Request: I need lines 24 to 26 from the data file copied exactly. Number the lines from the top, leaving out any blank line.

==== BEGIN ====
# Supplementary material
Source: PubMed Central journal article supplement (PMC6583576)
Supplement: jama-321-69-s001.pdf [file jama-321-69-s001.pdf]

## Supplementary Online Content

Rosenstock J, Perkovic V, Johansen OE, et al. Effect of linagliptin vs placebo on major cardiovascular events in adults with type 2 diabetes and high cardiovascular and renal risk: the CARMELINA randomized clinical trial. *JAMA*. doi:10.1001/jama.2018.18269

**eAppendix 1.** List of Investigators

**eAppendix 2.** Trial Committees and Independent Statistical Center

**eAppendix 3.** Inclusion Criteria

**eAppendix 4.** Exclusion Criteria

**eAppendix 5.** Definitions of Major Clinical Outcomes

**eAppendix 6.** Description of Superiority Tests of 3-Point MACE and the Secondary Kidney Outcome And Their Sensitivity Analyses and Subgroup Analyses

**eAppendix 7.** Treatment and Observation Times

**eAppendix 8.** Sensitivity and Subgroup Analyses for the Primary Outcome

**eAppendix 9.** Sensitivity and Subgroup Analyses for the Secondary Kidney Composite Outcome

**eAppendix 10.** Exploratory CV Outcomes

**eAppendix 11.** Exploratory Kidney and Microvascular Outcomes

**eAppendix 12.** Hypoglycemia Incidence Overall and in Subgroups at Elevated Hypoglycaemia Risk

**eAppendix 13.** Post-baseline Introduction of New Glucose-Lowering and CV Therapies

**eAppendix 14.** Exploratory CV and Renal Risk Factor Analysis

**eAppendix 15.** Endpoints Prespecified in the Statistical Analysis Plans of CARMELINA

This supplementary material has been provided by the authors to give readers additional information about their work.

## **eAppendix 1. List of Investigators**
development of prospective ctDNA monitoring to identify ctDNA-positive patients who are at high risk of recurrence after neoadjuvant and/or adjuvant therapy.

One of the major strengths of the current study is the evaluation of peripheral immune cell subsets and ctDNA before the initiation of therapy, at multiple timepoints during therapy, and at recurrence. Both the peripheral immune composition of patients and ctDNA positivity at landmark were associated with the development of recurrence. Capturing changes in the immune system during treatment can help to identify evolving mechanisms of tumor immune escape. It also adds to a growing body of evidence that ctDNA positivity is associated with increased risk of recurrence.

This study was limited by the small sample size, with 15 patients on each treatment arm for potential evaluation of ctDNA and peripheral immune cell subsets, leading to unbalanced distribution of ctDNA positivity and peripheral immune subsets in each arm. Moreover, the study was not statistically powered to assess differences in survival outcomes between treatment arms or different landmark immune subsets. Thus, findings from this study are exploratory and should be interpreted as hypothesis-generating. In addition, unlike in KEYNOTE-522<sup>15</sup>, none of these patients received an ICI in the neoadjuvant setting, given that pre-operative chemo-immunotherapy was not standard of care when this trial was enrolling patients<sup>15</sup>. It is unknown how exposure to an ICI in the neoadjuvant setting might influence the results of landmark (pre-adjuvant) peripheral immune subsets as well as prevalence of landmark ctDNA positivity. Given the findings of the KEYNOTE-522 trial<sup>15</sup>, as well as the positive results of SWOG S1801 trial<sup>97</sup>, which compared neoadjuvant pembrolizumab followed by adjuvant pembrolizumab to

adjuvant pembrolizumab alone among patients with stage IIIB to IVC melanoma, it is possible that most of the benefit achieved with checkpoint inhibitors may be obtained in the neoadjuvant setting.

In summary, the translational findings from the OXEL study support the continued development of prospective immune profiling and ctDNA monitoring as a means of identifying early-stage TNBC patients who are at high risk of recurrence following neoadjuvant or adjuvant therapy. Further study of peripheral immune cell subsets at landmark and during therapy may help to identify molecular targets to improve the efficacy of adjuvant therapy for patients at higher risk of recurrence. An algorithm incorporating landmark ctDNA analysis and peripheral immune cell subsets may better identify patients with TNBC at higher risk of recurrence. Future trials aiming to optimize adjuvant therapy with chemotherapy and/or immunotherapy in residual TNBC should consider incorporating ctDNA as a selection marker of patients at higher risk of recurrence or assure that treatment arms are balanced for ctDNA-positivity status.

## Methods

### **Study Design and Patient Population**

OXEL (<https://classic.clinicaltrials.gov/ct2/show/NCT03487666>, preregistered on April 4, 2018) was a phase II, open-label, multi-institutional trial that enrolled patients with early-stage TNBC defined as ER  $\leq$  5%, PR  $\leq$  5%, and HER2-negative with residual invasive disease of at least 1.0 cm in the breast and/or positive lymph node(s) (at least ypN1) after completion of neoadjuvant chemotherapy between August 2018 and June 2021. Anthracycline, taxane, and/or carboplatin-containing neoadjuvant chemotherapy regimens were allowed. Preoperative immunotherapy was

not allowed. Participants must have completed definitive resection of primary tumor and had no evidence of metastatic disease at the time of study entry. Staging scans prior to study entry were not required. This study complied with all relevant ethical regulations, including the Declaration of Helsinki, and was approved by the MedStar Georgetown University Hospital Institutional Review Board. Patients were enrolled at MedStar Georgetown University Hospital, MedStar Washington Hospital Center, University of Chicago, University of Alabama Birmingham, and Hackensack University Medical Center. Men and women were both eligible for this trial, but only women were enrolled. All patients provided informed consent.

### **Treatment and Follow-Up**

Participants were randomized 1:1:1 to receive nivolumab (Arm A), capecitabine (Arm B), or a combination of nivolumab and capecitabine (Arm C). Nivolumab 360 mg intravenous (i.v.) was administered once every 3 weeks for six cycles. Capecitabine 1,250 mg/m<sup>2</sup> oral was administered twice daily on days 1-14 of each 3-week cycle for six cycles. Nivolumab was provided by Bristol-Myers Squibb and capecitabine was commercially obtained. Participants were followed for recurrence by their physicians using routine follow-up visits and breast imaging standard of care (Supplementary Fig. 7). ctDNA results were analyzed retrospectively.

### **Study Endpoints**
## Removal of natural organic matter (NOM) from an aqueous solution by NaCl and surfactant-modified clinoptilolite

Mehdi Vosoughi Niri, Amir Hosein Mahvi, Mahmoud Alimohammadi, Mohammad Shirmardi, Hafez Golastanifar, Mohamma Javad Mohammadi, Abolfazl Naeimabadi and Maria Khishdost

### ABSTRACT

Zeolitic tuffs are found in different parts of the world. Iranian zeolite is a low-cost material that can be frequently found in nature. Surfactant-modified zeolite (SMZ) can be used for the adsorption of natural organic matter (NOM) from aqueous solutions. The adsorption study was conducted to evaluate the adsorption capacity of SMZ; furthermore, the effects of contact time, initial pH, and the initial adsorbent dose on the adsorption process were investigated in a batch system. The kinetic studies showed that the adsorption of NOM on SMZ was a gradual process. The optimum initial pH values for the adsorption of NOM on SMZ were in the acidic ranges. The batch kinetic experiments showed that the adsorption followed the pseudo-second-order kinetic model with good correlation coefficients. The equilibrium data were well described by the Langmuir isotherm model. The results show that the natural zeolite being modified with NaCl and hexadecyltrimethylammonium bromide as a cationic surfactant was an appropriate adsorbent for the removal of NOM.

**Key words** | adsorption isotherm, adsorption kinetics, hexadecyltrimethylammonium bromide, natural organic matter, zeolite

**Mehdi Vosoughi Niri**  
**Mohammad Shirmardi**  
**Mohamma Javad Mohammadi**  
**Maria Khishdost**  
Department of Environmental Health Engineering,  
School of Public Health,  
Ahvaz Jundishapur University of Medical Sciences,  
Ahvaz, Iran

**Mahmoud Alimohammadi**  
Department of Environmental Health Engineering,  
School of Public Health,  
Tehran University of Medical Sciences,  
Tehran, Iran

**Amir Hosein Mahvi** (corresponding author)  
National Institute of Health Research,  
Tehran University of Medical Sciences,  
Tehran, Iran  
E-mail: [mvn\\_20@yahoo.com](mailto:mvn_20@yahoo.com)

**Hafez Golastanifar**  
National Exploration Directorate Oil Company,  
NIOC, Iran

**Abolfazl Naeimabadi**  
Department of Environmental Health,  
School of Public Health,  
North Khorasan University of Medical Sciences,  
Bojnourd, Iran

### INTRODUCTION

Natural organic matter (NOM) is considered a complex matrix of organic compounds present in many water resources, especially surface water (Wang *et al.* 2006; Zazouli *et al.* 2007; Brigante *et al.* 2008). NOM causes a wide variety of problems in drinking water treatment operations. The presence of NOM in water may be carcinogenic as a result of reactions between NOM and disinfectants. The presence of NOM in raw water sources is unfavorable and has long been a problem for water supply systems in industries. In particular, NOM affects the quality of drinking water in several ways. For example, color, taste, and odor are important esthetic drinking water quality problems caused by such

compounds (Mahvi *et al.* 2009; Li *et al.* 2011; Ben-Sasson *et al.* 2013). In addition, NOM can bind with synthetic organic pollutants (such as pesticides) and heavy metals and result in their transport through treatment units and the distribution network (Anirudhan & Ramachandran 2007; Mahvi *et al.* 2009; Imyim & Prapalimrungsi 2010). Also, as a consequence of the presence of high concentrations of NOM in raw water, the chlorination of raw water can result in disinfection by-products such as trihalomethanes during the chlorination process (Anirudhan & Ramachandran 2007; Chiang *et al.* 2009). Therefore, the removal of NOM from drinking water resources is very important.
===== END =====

One of the major strengths of the current study is the evaluation of peripheral immune cell subsets and ctDNA before the initiation of therapy, at multiple timepoints during therapy, and at recurrence. Both the peripheral immune composition of patients and ctDNA positivity at landmark were associated with the development of recurrence. Capturing changes in the immune system during treatment can help to identify evolving mechanisms of tumor immune escape. It also adds to a growing body of evidence that ctDNA positivity is associated with increased risk of recurrence.

This study was limited by the small sample size, with 15 patients on each treatment arm for potential evaluation of ctDNA and peripheral immune cell subsets, leading to unbalanced distribution of ctDNA positivity and peripheral immune subsets in each arm. Moreover, the study was not statistically powered to assess differences in survival outcomes between treatment arms or different landmark immune subsets. Thus, findings from this study are exploratory and should be interpreted as hypothesis-generating. In addition, unlike in KEYNOTE-522<sup>15</sup>, none of these patients received an ICI in the neoadjuvant setting, given that pre-operative chemo-immunotherapy was not standard of care when this trial was enrolling patients<sup>15</sup>. It is unknown how exposure to an ICI in the neoadjuvant setting might influence the results of landmark (pre-adjuvant) peripheral immune subsets as well as prevalence of landmark ctDNA positivity. Given the findings of the KEYNOTE-522 trial<sup>15</sup>, as well as the positive results of SWOG S1801 trial<sup>97</sup>, which compared neoadjuvant pembrolizumab followed by adjuvant pembrolizumab to

adjuvant pembrolizumab alone among patients with stage IIIB to IVC melanoma, it is possible that most of the benefit achieved with checkpoint inhibitors may be obtained in the neoadjuvant setting.